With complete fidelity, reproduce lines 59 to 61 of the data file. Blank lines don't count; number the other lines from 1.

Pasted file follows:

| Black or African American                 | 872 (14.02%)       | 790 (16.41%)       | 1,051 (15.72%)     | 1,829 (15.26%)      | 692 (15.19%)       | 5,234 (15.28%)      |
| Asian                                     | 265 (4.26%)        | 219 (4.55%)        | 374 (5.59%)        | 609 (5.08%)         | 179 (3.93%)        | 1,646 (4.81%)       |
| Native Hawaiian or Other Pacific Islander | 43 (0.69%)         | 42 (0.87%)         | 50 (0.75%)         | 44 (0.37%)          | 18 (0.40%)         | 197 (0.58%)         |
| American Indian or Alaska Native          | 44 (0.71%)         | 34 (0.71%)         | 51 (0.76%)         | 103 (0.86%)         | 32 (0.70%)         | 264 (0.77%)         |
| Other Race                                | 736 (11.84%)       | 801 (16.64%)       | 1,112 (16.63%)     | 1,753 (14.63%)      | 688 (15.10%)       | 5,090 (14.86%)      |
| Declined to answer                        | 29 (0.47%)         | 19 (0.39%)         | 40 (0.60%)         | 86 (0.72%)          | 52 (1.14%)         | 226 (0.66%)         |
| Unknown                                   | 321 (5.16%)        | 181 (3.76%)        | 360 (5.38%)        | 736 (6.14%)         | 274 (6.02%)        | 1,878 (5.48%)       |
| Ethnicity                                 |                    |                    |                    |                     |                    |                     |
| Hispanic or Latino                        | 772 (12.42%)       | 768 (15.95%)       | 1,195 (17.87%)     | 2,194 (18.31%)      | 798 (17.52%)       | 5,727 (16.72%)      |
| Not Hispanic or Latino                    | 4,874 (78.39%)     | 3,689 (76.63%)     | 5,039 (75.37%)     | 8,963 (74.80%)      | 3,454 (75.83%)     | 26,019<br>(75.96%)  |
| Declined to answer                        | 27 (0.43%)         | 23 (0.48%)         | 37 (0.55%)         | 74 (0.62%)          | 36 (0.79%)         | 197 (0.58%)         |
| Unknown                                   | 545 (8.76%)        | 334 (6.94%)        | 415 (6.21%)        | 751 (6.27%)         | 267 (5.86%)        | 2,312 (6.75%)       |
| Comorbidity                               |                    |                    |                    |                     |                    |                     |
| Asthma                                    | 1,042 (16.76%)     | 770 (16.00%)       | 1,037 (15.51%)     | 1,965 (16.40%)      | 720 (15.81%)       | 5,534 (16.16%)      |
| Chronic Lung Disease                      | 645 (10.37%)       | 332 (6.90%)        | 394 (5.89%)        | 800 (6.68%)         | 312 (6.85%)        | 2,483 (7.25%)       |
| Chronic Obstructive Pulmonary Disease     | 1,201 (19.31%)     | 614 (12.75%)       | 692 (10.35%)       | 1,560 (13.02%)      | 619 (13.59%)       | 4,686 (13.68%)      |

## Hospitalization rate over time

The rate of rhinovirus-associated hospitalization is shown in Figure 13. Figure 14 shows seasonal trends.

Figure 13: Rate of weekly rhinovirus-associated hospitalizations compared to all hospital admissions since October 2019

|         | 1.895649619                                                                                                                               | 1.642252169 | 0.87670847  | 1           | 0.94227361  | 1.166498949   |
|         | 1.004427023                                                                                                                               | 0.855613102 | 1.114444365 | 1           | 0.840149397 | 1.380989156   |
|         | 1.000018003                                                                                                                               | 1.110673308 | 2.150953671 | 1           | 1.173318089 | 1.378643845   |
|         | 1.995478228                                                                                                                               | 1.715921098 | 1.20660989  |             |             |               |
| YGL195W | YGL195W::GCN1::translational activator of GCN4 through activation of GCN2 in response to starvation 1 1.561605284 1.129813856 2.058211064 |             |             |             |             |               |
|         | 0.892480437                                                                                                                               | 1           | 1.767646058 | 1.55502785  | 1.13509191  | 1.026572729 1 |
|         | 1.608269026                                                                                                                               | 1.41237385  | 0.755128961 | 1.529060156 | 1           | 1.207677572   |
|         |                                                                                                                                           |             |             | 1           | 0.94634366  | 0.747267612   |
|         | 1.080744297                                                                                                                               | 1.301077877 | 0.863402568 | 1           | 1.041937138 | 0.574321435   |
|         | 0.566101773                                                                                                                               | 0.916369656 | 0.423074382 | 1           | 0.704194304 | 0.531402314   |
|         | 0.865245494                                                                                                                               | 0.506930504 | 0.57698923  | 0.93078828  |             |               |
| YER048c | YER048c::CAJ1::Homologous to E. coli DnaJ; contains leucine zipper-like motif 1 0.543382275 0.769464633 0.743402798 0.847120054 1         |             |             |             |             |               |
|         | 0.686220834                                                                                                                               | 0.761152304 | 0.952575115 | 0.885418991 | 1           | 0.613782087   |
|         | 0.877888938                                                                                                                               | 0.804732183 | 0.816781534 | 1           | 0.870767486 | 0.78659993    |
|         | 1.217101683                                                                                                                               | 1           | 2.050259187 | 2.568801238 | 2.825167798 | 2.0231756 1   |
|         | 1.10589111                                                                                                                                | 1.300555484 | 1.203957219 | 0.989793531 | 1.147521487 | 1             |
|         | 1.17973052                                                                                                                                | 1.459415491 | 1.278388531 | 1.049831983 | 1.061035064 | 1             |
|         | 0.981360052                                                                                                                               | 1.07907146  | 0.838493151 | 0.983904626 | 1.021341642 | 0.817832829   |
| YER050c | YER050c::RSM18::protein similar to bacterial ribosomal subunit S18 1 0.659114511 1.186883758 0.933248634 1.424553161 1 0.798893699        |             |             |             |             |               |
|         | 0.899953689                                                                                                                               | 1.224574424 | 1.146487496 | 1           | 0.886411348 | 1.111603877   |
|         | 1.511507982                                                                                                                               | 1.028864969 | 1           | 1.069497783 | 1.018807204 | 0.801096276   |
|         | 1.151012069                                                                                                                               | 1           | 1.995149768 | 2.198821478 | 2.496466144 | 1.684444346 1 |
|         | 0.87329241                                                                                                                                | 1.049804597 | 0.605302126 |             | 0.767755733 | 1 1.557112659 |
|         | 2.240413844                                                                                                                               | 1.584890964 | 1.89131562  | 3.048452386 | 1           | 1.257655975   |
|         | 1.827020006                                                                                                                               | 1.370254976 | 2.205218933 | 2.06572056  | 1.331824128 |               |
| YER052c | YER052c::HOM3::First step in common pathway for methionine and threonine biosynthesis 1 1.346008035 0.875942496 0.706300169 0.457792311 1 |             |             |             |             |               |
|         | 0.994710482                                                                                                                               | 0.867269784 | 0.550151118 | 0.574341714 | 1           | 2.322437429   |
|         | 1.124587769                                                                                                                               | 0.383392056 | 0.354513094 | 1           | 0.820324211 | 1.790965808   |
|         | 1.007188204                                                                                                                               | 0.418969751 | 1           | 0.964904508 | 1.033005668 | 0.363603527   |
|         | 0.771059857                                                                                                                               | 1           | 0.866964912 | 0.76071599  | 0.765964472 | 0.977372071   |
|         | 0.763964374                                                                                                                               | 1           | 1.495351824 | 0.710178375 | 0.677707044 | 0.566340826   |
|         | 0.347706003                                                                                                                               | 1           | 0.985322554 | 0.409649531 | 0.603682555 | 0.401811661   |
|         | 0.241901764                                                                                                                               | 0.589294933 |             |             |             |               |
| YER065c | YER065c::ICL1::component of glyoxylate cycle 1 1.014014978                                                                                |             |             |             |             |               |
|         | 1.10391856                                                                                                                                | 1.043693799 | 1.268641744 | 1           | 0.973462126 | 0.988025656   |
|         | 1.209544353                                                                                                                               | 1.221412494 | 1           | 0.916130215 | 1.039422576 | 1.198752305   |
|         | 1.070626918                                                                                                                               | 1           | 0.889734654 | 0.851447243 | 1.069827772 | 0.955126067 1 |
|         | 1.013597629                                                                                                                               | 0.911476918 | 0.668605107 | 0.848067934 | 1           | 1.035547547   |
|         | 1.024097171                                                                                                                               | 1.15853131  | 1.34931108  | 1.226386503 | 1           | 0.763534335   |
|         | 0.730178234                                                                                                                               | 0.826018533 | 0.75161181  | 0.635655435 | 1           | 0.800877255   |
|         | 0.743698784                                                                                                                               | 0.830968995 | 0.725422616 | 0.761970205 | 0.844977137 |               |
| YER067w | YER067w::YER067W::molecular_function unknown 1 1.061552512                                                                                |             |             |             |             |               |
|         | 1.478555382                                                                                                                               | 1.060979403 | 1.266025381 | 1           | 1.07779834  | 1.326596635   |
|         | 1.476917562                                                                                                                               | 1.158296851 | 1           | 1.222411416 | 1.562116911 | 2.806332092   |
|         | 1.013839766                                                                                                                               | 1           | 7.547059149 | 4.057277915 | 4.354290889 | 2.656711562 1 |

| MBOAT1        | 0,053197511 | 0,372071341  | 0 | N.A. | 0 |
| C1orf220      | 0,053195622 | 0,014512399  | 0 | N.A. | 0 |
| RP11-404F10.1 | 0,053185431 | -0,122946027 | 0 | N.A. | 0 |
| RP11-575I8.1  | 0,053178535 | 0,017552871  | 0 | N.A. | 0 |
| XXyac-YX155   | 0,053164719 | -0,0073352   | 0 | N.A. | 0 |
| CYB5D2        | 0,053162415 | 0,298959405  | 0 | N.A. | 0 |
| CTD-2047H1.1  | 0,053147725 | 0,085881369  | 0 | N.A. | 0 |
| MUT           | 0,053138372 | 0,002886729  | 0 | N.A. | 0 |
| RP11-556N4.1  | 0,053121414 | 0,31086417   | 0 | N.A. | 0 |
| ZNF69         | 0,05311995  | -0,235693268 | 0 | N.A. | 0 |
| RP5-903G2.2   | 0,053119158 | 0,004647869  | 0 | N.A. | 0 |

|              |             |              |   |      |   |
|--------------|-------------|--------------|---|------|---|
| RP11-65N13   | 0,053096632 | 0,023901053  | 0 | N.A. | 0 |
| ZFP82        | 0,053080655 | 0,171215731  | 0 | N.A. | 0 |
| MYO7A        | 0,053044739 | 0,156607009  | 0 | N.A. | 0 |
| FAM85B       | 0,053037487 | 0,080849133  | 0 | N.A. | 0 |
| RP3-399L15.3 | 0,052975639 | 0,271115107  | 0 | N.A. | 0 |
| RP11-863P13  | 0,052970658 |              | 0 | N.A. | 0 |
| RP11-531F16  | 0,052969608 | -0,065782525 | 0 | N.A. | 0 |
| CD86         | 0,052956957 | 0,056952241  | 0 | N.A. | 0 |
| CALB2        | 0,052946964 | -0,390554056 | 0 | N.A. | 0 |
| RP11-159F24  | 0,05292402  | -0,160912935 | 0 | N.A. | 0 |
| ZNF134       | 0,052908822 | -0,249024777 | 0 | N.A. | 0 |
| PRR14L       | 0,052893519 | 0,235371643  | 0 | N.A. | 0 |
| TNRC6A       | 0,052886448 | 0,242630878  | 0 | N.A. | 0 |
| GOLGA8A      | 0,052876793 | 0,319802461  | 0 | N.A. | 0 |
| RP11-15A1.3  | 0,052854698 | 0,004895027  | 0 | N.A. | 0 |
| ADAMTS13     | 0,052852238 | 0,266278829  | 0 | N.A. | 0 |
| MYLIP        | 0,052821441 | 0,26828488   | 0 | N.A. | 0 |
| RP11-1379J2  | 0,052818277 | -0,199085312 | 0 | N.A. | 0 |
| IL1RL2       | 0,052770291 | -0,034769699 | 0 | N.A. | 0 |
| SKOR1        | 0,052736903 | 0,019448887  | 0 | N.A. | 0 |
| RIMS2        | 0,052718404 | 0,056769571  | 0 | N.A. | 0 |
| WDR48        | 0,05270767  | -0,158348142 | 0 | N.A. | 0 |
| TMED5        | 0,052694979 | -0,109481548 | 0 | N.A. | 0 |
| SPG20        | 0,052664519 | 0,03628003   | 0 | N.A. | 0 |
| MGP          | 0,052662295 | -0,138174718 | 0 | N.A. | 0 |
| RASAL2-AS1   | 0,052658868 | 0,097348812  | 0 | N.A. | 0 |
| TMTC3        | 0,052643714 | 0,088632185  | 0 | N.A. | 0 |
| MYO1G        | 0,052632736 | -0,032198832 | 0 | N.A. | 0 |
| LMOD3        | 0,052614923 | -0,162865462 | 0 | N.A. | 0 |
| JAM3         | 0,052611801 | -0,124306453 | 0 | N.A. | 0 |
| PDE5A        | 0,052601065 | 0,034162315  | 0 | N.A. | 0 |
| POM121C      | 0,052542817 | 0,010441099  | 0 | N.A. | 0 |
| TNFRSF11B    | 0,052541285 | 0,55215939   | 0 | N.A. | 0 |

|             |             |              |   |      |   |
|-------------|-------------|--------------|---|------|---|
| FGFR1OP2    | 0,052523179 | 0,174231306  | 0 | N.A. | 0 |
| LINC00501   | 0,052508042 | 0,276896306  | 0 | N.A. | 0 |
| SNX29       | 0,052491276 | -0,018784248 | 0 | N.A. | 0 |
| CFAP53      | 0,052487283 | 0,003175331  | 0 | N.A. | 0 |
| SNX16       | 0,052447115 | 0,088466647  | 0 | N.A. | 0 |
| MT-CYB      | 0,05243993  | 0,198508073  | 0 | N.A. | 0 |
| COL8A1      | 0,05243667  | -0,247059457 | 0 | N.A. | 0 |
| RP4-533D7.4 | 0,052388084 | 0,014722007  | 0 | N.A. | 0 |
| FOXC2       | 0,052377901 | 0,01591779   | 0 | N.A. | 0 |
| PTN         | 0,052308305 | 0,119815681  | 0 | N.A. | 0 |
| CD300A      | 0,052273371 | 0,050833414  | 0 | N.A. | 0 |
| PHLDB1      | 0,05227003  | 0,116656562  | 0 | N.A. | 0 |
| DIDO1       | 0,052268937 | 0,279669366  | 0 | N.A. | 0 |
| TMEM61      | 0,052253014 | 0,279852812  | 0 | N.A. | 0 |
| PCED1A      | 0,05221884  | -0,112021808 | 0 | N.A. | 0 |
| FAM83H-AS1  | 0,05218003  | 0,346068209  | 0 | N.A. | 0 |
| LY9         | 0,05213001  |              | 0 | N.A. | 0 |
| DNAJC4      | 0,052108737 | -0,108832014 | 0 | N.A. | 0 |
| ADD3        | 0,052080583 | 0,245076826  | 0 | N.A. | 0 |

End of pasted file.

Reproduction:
|         | 0.730178234                                                                                                                               | 0.826018533 | 0.75161181  | 0.635655435 | 1           | 0.800877255   |
|         | 0.743698784                                                                                                                               | 0.830968995 | 0.725422616 | 0.761970205 | 0.844977137 |               |
| YER067w | YER067w::YER067W::molecular_function unknown 1 1.061552512                                                                                |             |             |             |             |               |